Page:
I think you're talking about tests of General Relativity. That was only Einstein's second big theory. I agree it's not so well-tested, but the majority of physicists seem to accept it. Einstein first big theory was Special Relativity. This includes E=mc^2 and many other formulae, which have been confirmed very well in many experiments.

I think this is what the 2 theories are meant to explain:
Special Relativity: Explains why e.m. waves move at the same speed for any observer, even when he's moving.
General Relativity: Explains why inertia is always proportional to mass.
  • #7
O.K. I guess I have'nt had my question answered yet!what I mean is when relativity predicts something how does it translate into real events for experimentation?how do you create a model of a black hole and use math to predict its internal workings,or superstrings for that matter?I'm just asking for a example of how this is done,because I'm taking algebra right now,going into trig next semister.so if I see a example,I can try to interprete it,because I've never see it.
  • #8
Chosenone, you are attempting to fly before you can walk. The math of GR and SuperString Theory are the most complex mathmatical models in modern Physics. The full depth of the math is understood by very few (relativly speaking) and is simply out of reach of most people. All you can hope to do is read some of the lay oriented articals and learn of the predictions made. Well, not for SST because it has made NO meaningfull predictions.

If you wish to understand how mathematical models are created you must study math. This means start with Algebra, continue through Calculus and finally when you get through Differential Equations you will be at the STARTING point of mathematical modeling. This is, by the way 2 years worth of university level mathematics.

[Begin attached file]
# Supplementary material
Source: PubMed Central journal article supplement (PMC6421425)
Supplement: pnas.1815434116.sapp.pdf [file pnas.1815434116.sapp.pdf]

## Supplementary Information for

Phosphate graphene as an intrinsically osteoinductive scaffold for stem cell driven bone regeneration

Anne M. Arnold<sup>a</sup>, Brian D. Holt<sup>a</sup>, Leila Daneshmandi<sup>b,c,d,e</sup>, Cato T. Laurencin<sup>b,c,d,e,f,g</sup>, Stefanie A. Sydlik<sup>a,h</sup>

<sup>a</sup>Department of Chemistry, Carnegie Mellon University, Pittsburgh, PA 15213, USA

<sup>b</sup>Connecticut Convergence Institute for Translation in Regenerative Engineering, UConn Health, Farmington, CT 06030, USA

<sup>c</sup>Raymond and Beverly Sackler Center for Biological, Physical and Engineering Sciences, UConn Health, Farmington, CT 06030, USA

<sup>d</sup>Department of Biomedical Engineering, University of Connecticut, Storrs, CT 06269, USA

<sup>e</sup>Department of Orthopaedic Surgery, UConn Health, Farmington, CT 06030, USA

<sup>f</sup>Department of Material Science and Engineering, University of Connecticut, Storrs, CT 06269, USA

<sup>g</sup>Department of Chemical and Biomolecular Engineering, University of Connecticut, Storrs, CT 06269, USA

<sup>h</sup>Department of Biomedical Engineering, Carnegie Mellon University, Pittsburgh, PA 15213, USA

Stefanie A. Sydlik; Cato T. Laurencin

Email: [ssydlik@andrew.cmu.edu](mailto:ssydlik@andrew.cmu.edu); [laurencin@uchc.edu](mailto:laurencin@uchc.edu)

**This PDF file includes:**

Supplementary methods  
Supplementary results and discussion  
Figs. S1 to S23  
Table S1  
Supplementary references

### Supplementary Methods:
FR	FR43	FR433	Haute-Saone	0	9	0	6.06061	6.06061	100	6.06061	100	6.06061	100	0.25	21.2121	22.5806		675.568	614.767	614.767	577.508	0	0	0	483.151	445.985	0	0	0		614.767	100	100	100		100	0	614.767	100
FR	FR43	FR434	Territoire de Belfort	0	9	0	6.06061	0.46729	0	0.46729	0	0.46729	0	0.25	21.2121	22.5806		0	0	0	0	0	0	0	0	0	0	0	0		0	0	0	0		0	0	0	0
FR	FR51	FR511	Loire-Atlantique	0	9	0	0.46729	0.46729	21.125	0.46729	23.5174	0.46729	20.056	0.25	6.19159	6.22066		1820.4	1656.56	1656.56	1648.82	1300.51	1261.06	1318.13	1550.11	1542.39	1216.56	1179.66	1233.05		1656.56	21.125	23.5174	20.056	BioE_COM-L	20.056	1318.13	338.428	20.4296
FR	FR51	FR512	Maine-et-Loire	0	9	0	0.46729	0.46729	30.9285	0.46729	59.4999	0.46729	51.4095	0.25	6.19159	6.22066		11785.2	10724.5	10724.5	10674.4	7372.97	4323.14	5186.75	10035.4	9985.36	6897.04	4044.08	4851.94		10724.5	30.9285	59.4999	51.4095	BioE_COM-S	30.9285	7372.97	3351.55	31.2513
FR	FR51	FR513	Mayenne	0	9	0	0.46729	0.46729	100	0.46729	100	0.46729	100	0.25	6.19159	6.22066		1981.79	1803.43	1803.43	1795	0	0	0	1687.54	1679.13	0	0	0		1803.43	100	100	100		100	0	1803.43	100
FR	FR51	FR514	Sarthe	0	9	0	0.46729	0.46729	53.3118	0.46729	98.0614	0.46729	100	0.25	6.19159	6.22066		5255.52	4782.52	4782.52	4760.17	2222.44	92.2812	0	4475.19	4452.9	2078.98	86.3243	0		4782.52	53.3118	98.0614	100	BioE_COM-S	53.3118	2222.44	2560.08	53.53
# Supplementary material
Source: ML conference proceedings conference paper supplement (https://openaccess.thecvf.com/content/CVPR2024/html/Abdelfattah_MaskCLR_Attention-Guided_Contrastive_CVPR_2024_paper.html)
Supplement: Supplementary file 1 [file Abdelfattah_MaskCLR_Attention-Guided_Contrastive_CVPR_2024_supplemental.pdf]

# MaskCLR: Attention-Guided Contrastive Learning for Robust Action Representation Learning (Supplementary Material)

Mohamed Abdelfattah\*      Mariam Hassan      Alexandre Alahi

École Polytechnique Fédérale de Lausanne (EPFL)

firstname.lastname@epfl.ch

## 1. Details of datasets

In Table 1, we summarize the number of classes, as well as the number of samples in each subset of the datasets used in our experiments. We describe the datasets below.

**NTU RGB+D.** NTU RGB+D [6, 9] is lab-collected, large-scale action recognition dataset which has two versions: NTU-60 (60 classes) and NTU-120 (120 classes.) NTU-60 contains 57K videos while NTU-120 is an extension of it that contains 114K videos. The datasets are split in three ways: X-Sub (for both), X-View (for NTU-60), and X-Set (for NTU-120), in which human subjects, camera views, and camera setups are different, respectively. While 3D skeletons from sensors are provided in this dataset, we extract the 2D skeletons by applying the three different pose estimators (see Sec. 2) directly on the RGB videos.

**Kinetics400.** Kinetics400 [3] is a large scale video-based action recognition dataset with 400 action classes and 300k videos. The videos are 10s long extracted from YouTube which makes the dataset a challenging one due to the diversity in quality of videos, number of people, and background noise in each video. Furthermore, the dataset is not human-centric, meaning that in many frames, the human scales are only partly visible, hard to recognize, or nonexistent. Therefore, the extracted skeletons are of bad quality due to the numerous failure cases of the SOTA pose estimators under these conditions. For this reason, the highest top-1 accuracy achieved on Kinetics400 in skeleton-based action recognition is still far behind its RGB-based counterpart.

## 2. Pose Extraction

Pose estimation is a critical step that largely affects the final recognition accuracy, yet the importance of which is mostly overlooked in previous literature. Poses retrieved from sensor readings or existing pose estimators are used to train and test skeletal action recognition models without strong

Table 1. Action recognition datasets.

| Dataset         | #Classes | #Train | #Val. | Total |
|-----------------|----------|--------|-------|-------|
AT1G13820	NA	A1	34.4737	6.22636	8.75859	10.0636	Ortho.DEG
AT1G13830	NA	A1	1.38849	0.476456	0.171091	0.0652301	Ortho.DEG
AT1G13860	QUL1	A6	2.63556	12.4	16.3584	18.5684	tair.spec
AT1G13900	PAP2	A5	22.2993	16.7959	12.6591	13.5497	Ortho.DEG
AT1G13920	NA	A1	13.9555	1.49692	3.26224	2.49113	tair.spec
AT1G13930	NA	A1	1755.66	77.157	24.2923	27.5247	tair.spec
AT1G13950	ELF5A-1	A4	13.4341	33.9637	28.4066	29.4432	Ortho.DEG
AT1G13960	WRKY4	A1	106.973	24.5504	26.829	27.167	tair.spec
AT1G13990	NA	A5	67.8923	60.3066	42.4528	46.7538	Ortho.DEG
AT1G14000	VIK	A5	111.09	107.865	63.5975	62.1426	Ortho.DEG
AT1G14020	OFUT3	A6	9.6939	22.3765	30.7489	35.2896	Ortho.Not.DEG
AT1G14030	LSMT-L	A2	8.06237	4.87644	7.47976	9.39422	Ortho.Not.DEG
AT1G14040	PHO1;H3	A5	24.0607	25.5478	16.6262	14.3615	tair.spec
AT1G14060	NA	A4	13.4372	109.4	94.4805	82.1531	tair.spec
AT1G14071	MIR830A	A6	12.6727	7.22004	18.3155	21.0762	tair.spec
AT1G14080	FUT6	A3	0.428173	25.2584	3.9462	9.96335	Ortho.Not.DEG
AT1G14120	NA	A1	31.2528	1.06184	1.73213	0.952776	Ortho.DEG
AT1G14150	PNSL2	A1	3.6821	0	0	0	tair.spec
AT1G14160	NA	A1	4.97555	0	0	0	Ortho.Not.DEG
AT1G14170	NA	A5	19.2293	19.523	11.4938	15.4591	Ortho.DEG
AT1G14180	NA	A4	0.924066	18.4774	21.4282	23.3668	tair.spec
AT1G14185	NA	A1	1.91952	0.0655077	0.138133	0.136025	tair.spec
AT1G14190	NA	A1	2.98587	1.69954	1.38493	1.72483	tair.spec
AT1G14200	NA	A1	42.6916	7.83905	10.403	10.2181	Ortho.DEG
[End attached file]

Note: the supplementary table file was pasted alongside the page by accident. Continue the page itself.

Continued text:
Differential equations is the key here, all we can observe is how things change, and differential equations is the math of how things change. Thus is the basic language of math models.

Albert Einstein's
first paper on Relativitiy is an execelent example of how real world changes are translated into differential equations. It is not that hard of a read and contains only simple math. Remember, this is not a novel and cannot be read casually, you will find it necessary to reread sentences and paragraphs to extract their meaning. Good luck.
  • #9
Originally posted by chosenone
how do you create a model of a black hole

OK, here's my 3rd attempt.
One of the basic ideas of General Relativity is space(time) getting curved by any mass (or energy) present.
Imagine space as a large, horizontal sheet of rubber, fixed at the edges under some tension. Now you place a metal ball in the center. The sheet will sink in, forming some sort of funnel or crater. This is a model of space being curved by the mass of a star.
Now take a small ball (say, a marble) and place it near the edge of the sheet. It will move towards the star as if it was attracted by the star. You may even be lucky and get it to orbit the star.
This is a model of how space curvature is the cause of what we call gravitation.

I think you agree that the curvature of the sheet can be calculated quite precisely, and so can the motion of the marble. Even in the full 4-dimensional theory, this can be done.
However, it turns out that there are some solutions which correspond to a hole in the sheet, at the bottom of the funnel, where the walls get vertical. This happens for very heavy and dense central objects (say, neutron stars).

It all gets difficult when we try to predict the behavior of matter or radiation close to a black hole. I think there are many theories with different results. IIRC, Hawking suggested a black hole would radiate quite brightly because of some pair production processes going in the neighborhood. I'm really no expert at this. This is as far as I can help you...
  • #10
O.K.I'm in intermediate algebra,going into trig in the summer.so I'll probable be doing precalculus in the fall,with a physics course when I get there,so can you tell me a good book to read on relativity,that i can find Integral?
  • #11
Did you look at my link to Einsteins first paper on relativity. Have you attempted to read it? There are many books about Relativity out there, go to your local liberary and see what they have. An interesting one is Mr. Tompkins in Wonderland

It should be available in your liberary or local used book store.
  • #12
Question about math applied physics

Dear Chosenone,